Port City Adventures: Wilmington and the lower Cape Fear region The fall of Fort Fisher (south of the city at the mouth of the Cape Fear River) on Jan. 15, 1865, saved Wilmington from the destructive fate other Southern cities such as Atlanta and Charleston faced. The 230-block historic district combined with the area’s 31 miles of island beaches, makes the region a year-round destination. Visitors enjoy river cruises and historic tours by foot, trolley and even by Segway. Several tours feature television and movie set locations in and around the city. Those looking for a little kick to the usual tour should try one of several ghost tours, including the Haunted Pub Crawl. The string of islands offers Wrightsville Beach and its famous Johnny Mercer fishing pier, Carolina Beach, with its revitalized boardwalk area and state park, and Kure Beach, a family favorite for generations. Just south of Kure Beach lies Fort Fisher State Historic Park and Recreation Area and the Fort Fisher State Aquarium. Visitors to the Wilmington area spend time shopping, sight-seeing, hiking nature trails, learning at nature camps and surf camps, kayaking, fishing or just walking the beach looking for shells and worn glass. 50 APRIL 2011 Carolina Country

Food offerings are in abundance, from local favorites like the Pier House in Kure Beach to the white tablecloths at the Pilot House on Wilmington’s Riverfront, with Carolina Beach landmark Britt’s Donuts in between.

Downtown Wilmington One way to become acclimated to downtown Wilmington is by taking one of the many tours available. “Tell them ‘the Carriage Man sent me!’” is often heard from the horse-drawn carriage of the Springbrook Farms trolley and carriage tour when he points out a place to visit. The tour company’s rescued Percheron draft horses pull the carriage through the downtown district streets while a costumed driver provides historic and cultural tidbits about the region. Seven different 30-minute tours

SURRY

BUNCOMBE

CATAWBA

MCDOWELL

WASHINGTON PITT

ROWAN JOHNSTON

LINCOLN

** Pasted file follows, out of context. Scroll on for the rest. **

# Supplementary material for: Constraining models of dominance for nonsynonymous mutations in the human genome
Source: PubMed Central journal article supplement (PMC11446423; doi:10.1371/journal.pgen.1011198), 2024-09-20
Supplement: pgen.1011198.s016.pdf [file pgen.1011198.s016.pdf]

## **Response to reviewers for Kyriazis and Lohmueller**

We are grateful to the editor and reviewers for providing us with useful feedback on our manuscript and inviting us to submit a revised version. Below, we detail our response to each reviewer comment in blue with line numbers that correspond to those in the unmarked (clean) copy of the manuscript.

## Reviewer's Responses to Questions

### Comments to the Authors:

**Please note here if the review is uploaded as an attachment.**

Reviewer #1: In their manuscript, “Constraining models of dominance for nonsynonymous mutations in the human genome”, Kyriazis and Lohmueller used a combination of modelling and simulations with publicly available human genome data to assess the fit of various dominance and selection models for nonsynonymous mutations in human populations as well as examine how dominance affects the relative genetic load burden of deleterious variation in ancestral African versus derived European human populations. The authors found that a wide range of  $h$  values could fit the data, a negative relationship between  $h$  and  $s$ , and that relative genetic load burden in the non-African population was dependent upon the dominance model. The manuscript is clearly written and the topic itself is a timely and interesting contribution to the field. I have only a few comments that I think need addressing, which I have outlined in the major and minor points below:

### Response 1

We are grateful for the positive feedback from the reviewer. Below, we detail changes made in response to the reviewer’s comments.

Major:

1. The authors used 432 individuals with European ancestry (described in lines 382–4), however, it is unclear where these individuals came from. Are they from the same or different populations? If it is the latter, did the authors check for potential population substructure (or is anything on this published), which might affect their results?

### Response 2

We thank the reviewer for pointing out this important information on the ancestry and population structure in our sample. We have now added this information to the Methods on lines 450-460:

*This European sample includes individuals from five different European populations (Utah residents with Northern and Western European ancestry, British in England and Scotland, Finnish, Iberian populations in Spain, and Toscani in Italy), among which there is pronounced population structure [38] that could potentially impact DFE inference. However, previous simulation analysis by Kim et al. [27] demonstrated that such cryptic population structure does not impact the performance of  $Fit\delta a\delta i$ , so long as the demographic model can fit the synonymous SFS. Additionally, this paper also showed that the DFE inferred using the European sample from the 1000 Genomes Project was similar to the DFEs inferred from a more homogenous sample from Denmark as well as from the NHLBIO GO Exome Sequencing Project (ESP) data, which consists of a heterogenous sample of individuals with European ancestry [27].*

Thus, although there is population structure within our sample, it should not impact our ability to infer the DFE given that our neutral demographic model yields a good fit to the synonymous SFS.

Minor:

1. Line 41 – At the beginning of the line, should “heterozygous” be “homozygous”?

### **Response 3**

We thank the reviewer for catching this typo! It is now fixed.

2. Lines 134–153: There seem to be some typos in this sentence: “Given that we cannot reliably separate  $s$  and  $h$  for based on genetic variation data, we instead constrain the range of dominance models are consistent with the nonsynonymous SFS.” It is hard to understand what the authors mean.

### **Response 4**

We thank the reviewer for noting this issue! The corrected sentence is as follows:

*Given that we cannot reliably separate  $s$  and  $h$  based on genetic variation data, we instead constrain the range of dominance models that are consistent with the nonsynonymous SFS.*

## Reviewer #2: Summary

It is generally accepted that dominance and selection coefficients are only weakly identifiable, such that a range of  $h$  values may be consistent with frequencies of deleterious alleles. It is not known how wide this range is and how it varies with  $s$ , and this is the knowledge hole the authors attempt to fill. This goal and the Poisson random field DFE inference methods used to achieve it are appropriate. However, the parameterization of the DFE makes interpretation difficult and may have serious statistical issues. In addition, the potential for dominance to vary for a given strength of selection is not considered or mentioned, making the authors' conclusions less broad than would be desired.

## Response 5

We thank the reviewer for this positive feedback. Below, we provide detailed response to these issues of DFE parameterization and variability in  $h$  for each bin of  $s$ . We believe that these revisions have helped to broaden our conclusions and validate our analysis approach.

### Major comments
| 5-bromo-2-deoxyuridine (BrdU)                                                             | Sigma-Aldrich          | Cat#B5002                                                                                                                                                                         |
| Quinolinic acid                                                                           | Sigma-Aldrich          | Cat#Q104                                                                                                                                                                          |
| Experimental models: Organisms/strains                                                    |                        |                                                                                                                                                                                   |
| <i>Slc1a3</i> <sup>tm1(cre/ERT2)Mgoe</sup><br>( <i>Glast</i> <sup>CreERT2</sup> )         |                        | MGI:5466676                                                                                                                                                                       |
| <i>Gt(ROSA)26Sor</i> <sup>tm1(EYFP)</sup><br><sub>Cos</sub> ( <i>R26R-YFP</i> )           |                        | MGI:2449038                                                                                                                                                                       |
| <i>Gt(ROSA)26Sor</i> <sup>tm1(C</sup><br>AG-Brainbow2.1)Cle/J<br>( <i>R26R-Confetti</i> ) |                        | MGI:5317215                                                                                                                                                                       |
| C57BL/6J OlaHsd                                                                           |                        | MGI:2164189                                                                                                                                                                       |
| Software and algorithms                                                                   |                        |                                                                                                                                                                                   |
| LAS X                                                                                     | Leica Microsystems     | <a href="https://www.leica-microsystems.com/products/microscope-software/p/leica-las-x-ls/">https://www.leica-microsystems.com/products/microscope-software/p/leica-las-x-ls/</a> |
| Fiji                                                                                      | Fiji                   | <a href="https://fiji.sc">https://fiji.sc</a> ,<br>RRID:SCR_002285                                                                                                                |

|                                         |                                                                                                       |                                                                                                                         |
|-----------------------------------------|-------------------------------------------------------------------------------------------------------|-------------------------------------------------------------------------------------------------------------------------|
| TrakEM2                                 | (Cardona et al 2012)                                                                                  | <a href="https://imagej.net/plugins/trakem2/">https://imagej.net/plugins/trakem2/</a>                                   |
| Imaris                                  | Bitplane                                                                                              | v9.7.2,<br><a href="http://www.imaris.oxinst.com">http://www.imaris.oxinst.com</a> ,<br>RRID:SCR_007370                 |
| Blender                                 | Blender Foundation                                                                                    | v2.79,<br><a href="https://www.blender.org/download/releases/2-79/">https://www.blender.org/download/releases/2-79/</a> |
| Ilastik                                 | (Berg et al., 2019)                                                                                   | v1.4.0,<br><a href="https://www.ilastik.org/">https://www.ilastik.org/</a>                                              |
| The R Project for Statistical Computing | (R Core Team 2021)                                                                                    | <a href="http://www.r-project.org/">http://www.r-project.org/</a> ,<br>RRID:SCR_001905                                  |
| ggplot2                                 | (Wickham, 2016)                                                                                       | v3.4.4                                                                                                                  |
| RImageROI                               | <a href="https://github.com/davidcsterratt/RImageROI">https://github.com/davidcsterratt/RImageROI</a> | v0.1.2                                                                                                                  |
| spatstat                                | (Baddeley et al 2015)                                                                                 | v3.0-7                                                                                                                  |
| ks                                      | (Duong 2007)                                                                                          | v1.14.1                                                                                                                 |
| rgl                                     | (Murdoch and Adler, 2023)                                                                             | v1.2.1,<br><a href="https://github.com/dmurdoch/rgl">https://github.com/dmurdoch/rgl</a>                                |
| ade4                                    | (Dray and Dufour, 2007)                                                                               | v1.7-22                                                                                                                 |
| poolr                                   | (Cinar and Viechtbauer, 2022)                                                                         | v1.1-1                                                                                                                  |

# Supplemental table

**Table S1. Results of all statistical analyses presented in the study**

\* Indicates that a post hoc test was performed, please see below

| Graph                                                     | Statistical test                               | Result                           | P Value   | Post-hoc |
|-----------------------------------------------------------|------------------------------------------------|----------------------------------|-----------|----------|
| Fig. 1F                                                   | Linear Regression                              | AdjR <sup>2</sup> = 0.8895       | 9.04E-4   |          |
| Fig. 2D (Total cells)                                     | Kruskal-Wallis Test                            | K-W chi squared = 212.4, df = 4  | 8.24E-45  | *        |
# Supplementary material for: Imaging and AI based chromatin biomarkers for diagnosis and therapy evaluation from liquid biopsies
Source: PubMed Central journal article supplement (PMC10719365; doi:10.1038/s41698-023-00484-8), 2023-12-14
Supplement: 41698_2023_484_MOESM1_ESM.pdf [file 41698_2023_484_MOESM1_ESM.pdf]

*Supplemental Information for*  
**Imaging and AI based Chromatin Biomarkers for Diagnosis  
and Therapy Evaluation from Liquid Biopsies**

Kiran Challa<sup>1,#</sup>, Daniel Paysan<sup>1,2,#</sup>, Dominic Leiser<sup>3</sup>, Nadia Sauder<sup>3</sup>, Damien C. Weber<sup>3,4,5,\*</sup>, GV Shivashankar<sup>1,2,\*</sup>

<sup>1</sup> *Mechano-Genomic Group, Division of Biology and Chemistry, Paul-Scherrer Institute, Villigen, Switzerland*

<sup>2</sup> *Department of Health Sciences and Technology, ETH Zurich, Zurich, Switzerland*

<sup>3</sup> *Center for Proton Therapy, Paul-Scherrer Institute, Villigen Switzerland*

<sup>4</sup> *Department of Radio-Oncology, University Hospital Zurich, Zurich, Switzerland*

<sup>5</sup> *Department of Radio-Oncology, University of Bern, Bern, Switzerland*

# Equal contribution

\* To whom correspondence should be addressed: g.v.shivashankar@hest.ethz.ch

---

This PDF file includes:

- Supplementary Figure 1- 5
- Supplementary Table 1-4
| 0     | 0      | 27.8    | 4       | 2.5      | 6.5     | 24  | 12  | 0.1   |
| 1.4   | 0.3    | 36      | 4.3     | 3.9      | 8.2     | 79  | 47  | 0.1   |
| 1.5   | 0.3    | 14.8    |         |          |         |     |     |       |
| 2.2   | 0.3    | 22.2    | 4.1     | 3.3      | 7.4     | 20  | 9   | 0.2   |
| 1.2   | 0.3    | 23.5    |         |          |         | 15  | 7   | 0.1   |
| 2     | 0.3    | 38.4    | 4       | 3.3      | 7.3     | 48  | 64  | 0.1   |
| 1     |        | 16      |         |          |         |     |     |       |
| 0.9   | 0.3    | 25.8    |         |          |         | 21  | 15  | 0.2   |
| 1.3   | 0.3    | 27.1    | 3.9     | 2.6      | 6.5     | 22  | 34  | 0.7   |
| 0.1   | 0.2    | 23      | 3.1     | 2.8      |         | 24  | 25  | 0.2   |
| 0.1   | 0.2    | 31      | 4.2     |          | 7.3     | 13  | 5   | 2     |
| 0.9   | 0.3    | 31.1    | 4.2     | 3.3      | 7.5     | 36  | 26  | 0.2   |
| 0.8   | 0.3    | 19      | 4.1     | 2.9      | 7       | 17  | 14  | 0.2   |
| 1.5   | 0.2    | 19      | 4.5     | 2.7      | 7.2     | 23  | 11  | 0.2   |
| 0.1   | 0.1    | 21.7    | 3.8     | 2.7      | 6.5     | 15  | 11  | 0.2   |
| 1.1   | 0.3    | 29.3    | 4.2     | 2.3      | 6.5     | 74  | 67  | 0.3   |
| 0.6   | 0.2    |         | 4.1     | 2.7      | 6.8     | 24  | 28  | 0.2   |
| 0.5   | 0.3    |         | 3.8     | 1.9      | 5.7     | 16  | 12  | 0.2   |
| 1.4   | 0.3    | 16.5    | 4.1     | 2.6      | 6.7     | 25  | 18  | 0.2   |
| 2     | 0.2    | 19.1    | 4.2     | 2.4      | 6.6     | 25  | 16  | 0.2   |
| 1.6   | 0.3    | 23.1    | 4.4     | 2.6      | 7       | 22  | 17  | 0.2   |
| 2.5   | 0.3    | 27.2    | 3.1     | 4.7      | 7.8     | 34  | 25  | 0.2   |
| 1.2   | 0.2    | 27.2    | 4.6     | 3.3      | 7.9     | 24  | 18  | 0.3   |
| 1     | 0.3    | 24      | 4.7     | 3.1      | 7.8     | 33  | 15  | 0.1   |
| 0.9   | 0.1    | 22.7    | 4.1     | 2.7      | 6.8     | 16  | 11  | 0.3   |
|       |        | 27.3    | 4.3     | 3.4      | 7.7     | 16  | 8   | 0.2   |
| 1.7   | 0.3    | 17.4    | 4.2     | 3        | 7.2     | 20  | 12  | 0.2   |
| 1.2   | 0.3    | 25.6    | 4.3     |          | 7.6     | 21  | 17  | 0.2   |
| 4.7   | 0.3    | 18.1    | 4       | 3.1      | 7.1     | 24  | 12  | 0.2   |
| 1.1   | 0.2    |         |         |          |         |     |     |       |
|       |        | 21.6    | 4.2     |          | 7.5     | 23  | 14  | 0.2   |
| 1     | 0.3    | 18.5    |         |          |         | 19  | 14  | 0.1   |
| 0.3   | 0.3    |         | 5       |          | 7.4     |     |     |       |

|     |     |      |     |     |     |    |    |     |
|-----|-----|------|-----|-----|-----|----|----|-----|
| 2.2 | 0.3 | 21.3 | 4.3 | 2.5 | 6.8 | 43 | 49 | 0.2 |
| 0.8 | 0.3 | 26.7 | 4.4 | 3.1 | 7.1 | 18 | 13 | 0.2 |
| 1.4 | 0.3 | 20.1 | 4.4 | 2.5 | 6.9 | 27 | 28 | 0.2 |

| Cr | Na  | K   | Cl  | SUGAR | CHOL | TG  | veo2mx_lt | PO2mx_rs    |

POLK

CLEVELAND

LEE CABARRUS

GASTON

MARTIN TYRRELL

DARE

WILSON CHATHAM

RUTHERFORD HENDERSON JACKSON MACON CLAY

EN

TAN K

NS

HAYWOOD SWAIN

GRAHAM CHEROKEE

EDGECOMBE

NASH WAKE

RANDOLPH

MD

UO

BERTIE

DURHAM

DAVIDSON

PA

SQ

HERTFORD HALIFAX

FRANKLIN

ORANGE ALAMANCE

DAVIE

IREDELL

WAN CHO

ALEXANDER

GATES

NORTHAMPTON

WARREN

PERSON VANCE

FORSYTH

YADKIN

GUILFORD CALDWELL

BURKE

IMA QU PER

LL CHE

Wrightsville Beach, east of Wilmington, is known for its 5 miles of beach, shopping areas, seafood restaurants and concrete fishing pier. Wrightsville Beach is also closest to Masonboro Island, the largest undisturbed barrier island found on the southern end of Wrightsville Beach. You can access this island, one of just 10 N.C. Coastal Reserves, only by boat. A protected natural resource, the island’s dunes, grassy flats, marsh and shoreline allow fishing, birding, shelling and nature trails. If you are looking for fun and a nature lesson, a few outdoor companies provide expeditions to and from the island. One is run by the Cape Fear Naturalist, Captain Joe Abbate, whose eco-tour educates you on coastal habitats and the ecosystem of the lower Cape Fear region. www.capefearnaturalist.com or (910) 200-4002. Farther south of Wilmington and over the Snow’s Cut Bridge lies Pleasure Island, with Carolina Beach, Kure Beach and the Fort Fisher State Park. Wide beach areas,

CASWELL

GRANVILLE WILKES

MIT

The coastal environment

ROCKINGHAM

STOKES

WATAUGA AVERY

YANCEY MADISON

CK ITU RR CU

CA ALLEGHANY ASHE